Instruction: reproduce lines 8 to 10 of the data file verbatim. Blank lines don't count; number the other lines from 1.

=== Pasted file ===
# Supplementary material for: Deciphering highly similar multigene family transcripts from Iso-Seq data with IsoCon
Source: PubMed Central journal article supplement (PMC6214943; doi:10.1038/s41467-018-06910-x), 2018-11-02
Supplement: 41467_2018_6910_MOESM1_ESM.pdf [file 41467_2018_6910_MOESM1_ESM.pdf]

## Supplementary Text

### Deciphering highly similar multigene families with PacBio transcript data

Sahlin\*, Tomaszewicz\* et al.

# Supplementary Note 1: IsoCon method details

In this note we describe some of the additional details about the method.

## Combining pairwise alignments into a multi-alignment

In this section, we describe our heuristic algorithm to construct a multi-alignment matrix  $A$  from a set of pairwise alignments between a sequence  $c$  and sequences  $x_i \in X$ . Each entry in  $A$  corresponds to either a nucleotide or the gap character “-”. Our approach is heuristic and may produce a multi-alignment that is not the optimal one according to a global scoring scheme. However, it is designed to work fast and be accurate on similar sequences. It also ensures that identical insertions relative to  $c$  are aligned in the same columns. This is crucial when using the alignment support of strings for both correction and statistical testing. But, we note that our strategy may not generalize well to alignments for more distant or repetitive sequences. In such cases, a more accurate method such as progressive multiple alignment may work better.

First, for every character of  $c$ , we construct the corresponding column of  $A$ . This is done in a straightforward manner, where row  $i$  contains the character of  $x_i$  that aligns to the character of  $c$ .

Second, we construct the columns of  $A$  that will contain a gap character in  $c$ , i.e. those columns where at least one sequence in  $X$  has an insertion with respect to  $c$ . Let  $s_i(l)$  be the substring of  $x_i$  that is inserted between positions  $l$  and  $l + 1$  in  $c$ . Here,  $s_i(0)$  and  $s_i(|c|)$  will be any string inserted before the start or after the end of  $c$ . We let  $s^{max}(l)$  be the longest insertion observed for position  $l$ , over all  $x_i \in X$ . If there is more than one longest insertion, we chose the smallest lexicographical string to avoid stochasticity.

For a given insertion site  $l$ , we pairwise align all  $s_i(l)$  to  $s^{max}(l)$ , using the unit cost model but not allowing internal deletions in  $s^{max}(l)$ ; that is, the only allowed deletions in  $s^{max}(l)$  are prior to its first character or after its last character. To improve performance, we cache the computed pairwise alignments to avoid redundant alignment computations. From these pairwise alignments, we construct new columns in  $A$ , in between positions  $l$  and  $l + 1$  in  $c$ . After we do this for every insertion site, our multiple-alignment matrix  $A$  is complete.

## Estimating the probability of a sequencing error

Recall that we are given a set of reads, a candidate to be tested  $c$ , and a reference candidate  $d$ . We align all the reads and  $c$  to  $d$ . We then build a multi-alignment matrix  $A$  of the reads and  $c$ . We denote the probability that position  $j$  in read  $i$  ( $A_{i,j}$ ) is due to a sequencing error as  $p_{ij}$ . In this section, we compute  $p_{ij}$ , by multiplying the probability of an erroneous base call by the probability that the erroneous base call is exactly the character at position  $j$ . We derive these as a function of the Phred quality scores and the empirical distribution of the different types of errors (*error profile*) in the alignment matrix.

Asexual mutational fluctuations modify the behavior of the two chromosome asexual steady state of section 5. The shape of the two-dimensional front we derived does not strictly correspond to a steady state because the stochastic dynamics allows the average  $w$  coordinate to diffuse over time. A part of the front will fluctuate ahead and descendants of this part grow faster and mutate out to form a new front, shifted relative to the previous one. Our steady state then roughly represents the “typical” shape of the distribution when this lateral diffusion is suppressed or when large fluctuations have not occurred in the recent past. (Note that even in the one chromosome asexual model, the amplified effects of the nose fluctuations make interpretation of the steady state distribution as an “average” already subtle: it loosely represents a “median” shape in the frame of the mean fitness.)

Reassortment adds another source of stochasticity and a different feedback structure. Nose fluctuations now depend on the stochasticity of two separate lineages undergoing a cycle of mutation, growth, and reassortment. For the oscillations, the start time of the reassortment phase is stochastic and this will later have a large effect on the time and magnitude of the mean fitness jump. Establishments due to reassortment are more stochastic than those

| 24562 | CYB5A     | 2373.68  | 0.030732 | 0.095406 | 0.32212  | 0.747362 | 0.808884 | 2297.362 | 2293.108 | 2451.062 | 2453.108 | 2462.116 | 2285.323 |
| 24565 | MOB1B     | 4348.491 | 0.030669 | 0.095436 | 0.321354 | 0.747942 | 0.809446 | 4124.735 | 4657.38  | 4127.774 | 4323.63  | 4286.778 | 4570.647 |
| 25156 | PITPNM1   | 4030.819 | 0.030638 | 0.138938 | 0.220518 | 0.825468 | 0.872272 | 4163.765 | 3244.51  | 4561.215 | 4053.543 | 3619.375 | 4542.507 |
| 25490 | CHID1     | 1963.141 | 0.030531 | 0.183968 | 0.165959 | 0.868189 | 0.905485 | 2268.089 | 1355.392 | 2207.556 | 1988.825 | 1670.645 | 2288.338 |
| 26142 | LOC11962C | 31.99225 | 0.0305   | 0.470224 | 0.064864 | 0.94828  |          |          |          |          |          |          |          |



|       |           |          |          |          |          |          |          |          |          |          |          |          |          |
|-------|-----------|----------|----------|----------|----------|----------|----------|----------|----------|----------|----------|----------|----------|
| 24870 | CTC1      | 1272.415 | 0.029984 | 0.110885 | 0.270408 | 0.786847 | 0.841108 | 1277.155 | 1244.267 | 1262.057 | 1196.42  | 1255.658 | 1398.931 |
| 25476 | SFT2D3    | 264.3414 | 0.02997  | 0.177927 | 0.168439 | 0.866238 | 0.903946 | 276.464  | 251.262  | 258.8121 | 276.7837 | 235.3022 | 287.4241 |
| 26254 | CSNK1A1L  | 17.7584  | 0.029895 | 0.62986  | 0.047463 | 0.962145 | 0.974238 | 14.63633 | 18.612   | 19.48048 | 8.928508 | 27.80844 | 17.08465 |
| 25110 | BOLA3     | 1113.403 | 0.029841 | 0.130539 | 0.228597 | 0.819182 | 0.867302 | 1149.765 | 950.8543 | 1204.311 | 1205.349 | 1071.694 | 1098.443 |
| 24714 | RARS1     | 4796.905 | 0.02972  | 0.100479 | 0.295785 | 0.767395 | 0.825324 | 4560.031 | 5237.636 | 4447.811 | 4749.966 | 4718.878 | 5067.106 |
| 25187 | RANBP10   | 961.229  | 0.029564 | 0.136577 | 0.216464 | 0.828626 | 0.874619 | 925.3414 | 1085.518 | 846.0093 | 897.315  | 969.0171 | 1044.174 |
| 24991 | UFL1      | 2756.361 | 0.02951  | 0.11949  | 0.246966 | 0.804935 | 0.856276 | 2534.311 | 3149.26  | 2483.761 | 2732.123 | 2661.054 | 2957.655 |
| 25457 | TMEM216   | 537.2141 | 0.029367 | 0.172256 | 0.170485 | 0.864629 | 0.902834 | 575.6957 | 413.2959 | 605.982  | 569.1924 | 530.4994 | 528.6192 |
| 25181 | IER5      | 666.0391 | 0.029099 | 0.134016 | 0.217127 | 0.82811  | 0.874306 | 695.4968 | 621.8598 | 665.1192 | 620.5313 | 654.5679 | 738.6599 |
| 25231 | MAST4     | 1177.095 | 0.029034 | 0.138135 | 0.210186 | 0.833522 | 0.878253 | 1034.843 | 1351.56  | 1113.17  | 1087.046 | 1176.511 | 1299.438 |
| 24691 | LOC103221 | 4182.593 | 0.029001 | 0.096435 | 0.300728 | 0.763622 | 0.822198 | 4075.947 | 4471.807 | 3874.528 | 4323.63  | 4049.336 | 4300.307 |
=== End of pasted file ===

In this note we describe some of the additional details about the method.

## Combining pairwise alignments into a multi-alignment

In this section, we describe our heuristic algorithm to construct a multi-alignment matrix  $A$  from a set of pairwise alignments between a sequence  $c$  and sequences  $x_i \in X$ . Each entry in  $A$  corresponds to either a nucleotide or the gap character “-”. Our approach is heuristic and may produce a multi-alignment that is not the optimal one according to a global scoring scheme. However, it is designed to work fast and be accurate on similar sequences. It also ensures that identical insertions relative to  $c$  are aligned in the same columns. This is crucial when using the alignment support of strings for both correction and statistical testing. But, we note that our strategy may not generalize well to alignments for more distant or repetitive sequences. In such cases, a more accurate method such as progressive multiple alignment may work better.